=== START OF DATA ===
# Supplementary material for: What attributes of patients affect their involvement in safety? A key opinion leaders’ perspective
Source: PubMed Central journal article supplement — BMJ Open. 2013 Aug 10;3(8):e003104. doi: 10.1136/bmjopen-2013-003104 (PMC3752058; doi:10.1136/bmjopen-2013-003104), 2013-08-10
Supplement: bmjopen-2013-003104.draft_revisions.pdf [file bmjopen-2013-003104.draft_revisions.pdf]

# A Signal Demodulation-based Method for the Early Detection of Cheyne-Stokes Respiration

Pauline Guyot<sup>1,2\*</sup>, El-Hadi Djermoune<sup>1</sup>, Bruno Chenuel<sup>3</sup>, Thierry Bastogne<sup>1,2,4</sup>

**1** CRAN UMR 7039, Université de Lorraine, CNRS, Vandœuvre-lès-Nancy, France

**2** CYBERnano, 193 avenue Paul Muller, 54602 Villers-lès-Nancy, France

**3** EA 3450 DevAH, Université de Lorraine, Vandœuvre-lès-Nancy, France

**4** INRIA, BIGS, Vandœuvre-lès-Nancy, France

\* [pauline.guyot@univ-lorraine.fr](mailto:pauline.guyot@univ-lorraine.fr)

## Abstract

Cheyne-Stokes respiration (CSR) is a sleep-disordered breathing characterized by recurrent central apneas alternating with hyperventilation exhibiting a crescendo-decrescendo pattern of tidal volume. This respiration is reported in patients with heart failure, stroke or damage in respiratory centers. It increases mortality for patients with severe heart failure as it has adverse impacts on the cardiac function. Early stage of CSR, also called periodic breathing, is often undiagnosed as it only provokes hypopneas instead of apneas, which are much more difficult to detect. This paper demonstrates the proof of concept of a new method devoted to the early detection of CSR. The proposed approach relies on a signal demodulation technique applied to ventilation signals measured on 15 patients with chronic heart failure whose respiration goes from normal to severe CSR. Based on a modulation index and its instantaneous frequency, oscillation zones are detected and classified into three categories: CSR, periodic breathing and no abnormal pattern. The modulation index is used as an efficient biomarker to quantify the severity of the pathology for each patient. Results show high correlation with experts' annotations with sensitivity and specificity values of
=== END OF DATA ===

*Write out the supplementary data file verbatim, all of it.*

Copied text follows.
# Supplementary material for: What attributes of patients affect their involvement in safety? A key opinion leaders’ perspective
Source: PubMed Central journal article supplement — BMJ Open. 2013 Aug 10;3(8):e003104. doi: 10.1136/bmjopen-2013-003104 (PMC3752058; doi:10.1136/bmjopen-2013-003104), 2013-08-10
Supplement: bmjopen-2013-003104.draft_revisions.pdf [file bmjopen-2013-003104.draft_revisions.pdf]

# A Signal Demodulation-based Method for the Early Detection of Cheyne-Stokes Respiration

Pauline Guyot<sup>1,2\*</sup>, El-Hadi Djermoune<sup>1</sup>, Bruno Chenuel<sup>3</sup>, Thierry Bastogne<sup>1,2,4</sup>

**1** CRAN UMR 7039, Université de Lorraine, CNRS, Vandœuvre-lès-Nancy, France

**2** CYBERnano, 193 avenue Paul Muller, 54602 Villers-lès-Nancy, France

**3** EA 3450 DevAH, Université de Lorraine, Vandœuvre-lès-Nancy, France

**4** INRIA, BIGS, Vandœuvre-lès-Nancy, France

\* [pauline.guyot@univ-lorraine.fr](mailto:pauline.guyot@univ-lorraine.fr)

## Abstract

Cheyne-Stokes respiration (CSR) is a sleep-disordered breathing characterized by recurrent central apneas alternating with hyperventilation exhibiting a crescendo-decrescendo pattern of tidal volume. This respiration is reported in patients with heart failure, stroke or damage in respiratory centers. It increases mortality for patients with severe heart failure as it has adverse impacts on the cardiac function. Early stage of CSR, also called periodic breathing, is often undiagnosed as it only provokes hypopneas instead of apneas, which are much more difficult to detect. This paper demonstrates the proof of concept of a new method devoted to the early detection of CSR. The proposed approach relies on a signal demodulation technique applied to ventilation signals measured on 15 patients with chronic heart failure whose respiration goes from normal to severe CSR. Based on a modulation index and its instantaneous frequency, oscillation zones are detected and classified into three categories: CSR, periodic breathing and no abnormal pattern. The modulation index is used as an efficient biomarker to quantify the severity of the pathology for each patient. Results show high correlation with experts' annotations with sensitivity and specificity values of